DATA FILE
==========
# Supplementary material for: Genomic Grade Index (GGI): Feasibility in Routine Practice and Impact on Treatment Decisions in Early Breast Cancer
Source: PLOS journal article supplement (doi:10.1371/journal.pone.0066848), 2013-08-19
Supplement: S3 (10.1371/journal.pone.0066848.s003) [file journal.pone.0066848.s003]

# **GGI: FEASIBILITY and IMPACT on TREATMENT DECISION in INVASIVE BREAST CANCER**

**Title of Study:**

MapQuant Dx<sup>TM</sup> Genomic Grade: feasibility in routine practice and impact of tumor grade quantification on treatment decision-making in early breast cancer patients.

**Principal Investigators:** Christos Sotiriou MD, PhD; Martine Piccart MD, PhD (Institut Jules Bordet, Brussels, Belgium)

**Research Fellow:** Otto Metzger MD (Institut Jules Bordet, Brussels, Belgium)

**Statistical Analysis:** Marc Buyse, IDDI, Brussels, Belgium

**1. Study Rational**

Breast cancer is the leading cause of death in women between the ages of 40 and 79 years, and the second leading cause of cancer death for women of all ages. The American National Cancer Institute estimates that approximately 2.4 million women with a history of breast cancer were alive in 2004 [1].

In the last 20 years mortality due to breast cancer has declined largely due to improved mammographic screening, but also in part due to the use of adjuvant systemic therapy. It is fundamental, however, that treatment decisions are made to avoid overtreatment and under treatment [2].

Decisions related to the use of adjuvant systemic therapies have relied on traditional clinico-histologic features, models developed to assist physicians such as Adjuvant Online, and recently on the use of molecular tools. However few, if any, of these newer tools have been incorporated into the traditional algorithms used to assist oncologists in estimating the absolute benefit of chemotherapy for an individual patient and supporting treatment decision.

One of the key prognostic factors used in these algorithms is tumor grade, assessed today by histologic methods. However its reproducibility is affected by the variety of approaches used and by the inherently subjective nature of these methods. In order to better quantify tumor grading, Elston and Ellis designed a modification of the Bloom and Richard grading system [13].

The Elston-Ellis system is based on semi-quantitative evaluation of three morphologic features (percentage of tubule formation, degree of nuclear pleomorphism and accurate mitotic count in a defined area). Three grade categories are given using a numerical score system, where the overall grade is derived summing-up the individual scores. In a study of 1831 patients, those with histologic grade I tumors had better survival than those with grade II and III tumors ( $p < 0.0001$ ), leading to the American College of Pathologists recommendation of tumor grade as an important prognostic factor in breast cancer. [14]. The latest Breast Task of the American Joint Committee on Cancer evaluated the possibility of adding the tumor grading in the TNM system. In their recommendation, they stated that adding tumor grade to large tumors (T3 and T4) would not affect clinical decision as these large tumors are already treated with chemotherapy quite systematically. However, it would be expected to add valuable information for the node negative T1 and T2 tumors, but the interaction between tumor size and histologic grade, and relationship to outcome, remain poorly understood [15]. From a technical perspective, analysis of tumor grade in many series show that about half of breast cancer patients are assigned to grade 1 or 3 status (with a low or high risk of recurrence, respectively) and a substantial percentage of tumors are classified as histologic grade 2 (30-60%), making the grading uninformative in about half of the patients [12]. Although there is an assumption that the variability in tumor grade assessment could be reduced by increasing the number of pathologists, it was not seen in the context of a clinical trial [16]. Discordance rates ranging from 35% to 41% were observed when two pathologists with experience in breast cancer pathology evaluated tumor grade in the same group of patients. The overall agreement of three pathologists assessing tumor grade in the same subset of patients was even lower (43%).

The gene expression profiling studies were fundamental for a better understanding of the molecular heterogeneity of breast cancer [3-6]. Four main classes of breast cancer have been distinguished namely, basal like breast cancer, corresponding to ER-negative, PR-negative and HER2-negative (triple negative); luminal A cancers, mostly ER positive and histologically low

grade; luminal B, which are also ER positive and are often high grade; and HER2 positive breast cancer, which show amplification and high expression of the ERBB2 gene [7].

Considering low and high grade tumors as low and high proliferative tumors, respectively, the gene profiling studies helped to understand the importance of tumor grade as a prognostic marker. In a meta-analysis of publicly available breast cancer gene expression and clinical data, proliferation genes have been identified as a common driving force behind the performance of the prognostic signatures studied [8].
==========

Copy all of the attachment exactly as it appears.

# Supplementary material for: Genomic Grade Index (GGI): Feasibility in Routine Practice and Impact on Treatment Decisions in Early Breast Cancer
Source: PLOS journal article supplement (doi:10.1371/journal.pone.0066848), 2013-08-19
Supplement: S3 (10.1371/journal.pone.0066848.s003) [file journal.pone.0066848.s003]

# **GGI: FEASIBILITY and IMPACT on TREATMENT DECISION in INVASIVE BREAST CANCER**

**Title of Study:**

MapQuant Dx<sup>TM</sup> Genomic Grade: feasibility in routine practice and impact of tumor grade quantification on treatment decision-making in early breast cancer patients.

**Principal Investigators:** Christos Sotiriou MD, PhD; Martine Piccart MD, PhD (Institut Jules Bordet, Brussels, Belgium)

**Research Fellow:** Otto Metzger MD (Institut Jules Bordet, Brussels, Belgium)

**Statistical Analysis:** Marc Buyse, IDDI, Brussels, Belgium

**1. Study Rational**

Breast cancer is the leading cause of death in women between the ages of 40 and 79 years, and the second leading cause of cancer death for women of all ages. The American National Cancer Institute estimates that approximately 2.4 million women with a history of breast cancer were alive in 2004 [1].

In the last 20 years mortality due to breast cancer has declined largely due to improved mammographic screening, but also in part due to the use of adjuvant systemic therapy. It is fundamental, however, that treatment decisions are made to avoid overtreatment and under treatment [2].

Decisions related to the use of adjuvant systemic therapies have relied on traditional clinico-histologic features, models developed to assist physicians such as Adjuvant Online, and recently on the use of molecular tools. However few, if any, of these newer tools have been incorporated into the traditional algorithms used to assist oncologists in estimating the absolute benefit of chemotherapy for an individual patient and supporting treatment decision.

One of the key prognostic factors used in these algorithms is tumor grade, assessed today by histologic methods. However its reproducibility is affected by the variety of approaches used and by the inherently subjective nature of these methods. In order to better quantify tumor grading, Elston and Ellis designed a modification of the Bloom and Richard grading system [13].

The Elston-Ellis system is based on semi-quantitative evaluation of three morphologic features (percentage of tubule formation, degree of nuclear pleomorphism and accurate mitotic count in a defined area). Three grade categories are given using a numerical score system, where the overall grade is derived summing-up the individual scores. In a study of 1831 patients, those with histologic grade I tumors had better survival than those with grade II and III tumors ( $p < 0.0001$ ), leading to the American College of Pathologists recommendation of tumor grade as an important prognostic factor in breast cancer. [14]. The latest Breast Task of the American Joint Committee on Cancer evaluated the possibility of adding the tumor grading in the TNM system. In their recommendation, they stated that adding tumor grade to large tumors (T3 and T4) would not affect clinical decision as these large tumors are already treated with chemotherapy quite systematically. However, it would be expected to add valuable information for the node negative T1 and T2 tumors, but the interaction between tumor size and histologic grade, and relationship to outcome, remain poorly understood [15]. From a technical perspective, analysis of tumor grade in many series show that about half of breast cancer patients are assigned to grade 1 or 3 status (with a low or high risk of recurrence, respectively) and a substantial percentage of tumors are classified as histologic grade 2 (30-60%), making the grading uninformative in about half of the patients [12]. Although there is an assumption that the variability in tumor grade assessment could be reduced by increasing the number of pathologists, it was not seen in the context of a clinical trial [16]. Discordance rates ranging from 35% to 41% were observed when two pathologists with experience in breast cancer pathology evaluated tumor grade in the same group of patients. The overall agreement of three pathologists assessing tumor grade in the same subset of patients was even lower (43%).

The gene expression profiling studies were fundamental for a better understanding of the molecular heterogeneity of breast cancer [3-6]. Four main classes of breast cancer have been distinguished namely, basal like breast cancer, corresponding to ER-negative, PR-negative and HER2-negative (triple negative); luminal A cancers, mostly ER positive and histologically low

grade; luminal B, which are also ER positive and are often high grade; and HER2 positive breast cancer, which show amplification and high expression of the ERBB2 gene [7].

Considering low and high grade tumors as low and high proliferative tumors, respectively, the gene profiling studies helped to understand the importance of tumor grade as a prognostic marker. In a meta-analysis of publicly available breast cancer gene expression and clinical data, proliferation genes have been identified as a common driving force behind the performance of the prognostic signatures studied [8].